New guidelines for sentencing breaches of court orders.
The Sentencing Council has published new guidelines for Courts when sentencing those who have breached Court orders. These guidelines will come into effect on 1st October 2018.
You can view the guidelines here:
The guidelines deal with breaches of not only community orders and suspended sentence orders, but eight other orders, including restraining orders and sexual harm prevention orders.
The guidelines are designed to assist Courts in assessing the seriousness of a breach, with the Sentencing Council describing the guidelines as “tighten[ing] up courts’ approach”.
Suspended Sentence Orders
A good example of this ‘tightening up’ is the guidance relating to a breach of a suspended sentence order. Legislation provides that the starting point for any breach of a suspended sentence order is that it should be activated, “unless it would be unjust in all the circumstances to do so.”
This new guideline provides a table of examples for the sentencing Court to follow when they are considering activating a suspended sentence following the commission of a new offence during the operational period. Examples include full activation where there are “multiple and/or more serious new offence(s) committed”, along with activation but with a reduction to the original custodial term in cases where there has been a new offence but a “medium or high level of compliance” with the community elements of the order.
A further table of examples is provided for breach of a suspended sentence order by the non-compliance of the community requirements of the order.
The main factors in determining whether it would be unjust to activate a suspended sentence order are:
1. The level of compliance with the order so far;
2. The circumstances of any new offence.
The guideline provides an easy reference guide for Courts when considering the above two factors, distinguishing between “no/low level of compliance” or “medium/high level of compliance” whilst considering, where applicable, the nature of any new offence. The guideline further provides that when assessing the level of compliance, the Court should consider:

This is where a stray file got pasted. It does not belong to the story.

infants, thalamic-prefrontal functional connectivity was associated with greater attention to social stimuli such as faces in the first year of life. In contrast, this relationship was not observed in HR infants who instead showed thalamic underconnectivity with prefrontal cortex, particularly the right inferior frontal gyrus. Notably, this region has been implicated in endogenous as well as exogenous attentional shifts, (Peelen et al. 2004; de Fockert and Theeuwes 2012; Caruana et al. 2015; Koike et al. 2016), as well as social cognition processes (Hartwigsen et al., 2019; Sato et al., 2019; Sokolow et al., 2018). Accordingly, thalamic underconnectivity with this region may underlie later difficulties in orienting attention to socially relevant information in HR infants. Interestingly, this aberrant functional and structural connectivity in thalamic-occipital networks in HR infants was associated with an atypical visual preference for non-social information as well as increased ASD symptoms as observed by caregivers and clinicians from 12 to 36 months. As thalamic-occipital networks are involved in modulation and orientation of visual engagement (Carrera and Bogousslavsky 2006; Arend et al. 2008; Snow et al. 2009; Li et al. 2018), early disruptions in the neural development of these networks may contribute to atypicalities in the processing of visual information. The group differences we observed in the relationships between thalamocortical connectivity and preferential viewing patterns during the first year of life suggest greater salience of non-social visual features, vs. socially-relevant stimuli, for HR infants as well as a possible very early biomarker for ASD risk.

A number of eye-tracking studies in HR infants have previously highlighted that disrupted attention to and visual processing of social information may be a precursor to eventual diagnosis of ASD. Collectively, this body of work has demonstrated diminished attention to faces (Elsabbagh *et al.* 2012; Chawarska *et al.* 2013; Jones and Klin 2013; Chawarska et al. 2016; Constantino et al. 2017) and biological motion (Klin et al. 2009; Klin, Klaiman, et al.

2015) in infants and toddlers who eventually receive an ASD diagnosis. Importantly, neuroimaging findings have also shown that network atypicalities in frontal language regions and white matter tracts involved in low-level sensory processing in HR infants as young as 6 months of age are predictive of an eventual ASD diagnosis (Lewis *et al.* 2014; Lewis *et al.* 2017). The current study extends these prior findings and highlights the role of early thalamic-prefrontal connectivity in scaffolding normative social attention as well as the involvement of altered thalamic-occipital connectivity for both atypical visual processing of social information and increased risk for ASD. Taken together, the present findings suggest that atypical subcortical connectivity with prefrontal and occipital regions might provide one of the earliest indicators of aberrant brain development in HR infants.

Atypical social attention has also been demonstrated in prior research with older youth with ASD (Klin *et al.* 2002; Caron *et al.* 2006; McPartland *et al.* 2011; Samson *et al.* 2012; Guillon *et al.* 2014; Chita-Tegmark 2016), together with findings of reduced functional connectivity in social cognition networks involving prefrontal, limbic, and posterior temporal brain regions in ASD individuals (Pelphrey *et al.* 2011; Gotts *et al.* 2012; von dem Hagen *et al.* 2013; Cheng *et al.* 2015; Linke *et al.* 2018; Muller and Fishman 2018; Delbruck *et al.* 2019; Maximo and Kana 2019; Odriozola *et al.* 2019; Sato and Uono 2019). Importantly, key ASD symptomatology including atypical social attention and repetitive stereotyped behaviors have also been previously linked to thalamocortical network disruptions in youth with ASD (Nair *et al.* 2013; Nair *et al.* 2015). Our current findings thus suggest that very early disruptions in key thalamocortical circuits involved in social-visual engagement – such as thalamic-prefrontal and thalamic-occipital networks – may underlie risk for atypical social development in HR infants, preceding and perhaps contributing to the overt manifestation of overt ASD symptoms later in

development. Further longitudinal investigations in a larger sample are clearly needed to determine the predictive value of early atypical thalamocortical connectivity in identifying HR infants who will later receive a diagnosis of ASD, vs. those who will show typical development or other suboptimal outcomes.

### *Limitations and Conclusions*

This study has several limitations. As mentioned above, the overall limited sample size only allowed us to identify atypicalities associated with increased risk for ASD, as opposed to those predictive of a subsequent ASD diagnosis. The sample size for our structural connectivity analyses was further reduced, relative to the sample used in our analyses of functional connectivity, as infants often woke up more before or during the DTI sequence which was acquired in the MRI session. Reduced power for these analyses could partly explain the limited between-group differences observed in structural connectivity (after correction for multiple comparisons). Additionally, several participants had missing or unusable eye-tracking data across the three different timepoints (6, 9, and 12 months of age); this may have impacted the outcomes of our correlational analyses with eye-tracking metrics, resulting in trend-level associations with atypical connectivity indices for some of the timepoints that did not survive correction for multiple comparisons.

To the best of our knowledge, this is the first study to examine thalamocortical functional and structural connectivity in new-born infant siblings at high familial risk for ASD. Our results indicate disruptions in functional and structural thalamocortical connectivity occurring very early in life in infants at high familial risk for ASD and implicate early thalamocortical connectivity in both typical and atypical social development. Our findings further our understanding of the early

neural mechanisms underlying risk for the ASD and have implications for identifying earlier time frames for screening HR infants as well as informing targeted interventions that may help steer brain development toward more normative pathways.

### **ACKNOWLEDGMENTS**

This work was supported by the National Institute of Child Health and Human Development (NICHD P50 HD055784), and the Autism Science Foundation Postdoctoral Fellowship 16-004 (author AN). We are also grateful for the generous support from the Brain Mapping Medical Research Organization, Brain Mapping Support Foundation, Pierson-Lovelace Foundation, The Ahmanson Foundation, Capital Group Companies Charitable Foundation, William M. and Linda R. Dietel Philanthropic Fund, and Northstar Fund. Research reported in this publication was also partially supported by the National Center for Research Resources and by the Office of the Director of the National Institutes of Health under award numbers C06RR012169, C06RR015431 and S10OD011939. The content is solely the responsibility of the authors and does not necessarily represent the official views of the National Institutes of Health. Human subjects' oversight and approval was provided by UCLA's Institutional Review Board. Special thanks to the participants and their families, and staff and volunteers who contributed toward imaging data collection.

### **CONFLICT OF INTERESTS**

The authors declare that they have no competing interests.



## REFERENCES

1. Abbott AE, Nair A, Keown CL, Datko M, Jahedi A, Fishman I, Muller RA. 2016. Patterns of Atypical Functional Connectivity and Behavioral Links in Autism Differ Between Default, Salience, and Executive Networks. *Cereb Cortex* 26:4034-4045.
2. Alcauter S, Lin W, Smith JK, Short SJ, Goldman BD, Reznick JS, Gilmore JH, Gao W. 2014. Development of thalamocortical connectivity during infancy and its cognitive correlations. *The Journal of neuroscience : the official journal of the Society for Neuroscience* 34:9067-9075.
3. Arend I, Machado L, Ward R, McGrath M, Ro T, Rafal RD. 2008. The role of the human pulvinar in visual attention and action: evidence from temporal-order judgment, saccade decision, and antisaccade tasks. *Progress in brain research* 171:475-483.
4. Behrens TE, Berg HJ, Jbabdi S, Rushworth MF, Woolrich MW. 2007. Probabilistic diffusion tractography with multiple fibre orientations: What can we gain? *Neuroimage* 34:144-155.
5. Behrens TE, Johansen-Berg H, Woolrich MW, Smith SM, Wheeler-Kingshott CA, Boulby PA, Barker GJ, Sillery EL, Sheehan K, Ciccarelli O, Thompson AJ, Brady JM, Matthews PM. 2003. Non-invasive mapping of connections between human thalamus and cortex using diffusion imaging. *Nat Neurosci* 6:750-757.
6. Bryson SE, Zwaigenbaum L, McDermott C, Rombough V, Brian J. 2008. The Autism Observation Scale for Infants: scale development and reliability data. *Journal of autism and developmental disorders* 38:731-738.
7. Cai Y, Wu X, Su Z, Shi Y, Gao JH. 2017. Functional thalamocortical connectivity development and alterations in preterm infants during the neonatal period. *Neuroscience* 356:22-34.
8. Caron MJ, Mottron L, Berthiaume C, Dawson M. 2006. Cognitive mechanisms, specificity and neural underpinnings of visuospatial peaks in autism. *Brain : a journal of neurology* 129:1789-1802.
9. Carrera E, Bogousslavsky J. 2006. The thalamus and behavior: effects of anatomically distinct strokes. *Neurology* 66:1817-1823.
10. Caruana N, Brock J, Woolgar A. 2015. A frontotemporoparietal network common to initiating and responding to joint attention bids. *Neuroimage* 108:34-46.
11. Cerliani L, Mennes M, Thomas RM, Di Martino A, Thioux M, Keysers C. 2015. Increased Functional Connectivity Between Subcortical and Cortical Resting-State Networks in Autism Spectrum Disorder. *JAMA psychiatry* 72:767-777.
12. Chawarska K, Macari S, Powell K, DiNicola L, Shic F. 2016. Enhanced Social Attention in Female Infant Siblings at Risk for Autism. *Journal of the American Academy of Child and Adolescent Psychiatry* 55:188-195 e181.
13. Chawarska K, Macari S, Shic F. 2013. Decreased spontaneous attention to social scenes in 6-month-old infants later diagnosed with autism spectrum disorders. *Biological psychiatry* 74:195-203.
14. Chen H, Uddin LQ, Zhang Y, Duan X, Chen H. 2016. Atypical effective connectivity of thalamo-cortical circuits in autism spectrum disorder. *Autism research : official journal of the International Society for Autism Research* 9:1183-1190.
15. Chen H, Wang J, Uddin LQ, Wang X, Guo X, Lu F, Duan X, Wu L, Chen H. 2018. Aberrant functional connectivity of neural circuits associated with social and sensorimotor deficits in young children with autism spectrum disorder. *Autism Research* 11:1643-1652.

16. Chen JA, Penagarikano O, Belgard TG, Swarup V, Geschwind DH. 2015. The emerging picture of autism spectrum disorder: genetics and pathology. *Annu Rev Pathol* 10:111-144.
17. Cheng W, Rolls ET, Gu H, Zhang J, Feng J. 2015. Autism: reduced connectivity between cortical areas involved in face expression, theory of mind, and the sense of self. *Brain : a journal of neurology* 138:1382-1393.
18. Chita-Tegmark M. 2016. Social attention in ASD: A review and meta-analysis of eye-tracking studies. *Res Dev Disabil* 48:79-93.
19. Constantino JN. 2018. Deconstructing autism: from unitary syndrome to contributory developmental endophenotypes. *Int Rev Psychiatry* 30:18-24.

i) the overall attitude and engagement with the order as well as the proportion of elements completed;
ii) the impact of any completed or partially completed requirements on the offender’s behaviour;
iii) the proximity of breach to imposition of order; and
iv) evidence of circumstances or offender characteristics, such as disability, mental health issues or learning difficulties, which have impeded the offender’s compliance with the order.
“Unjust in all the circumstances to do so”
When deciding if there are other reasons which may result in any activation of the order being unjust, the Court can consider factors including:
• any strong personal mitigation;
• whether there is a realistic prospect of rehabilitation;
• whether immediate custody will result in significant impact on others.
Sentencing Council member Julian Goose has commented: “We are giving Courts clear guidance on what action should be taken against those offenders who ignore Court orders so that they are dealt with robustly and consistently.”
If you are subject to a Suspended Sentence Order and are attending Court due to a breach, contact our criminal department for advice today.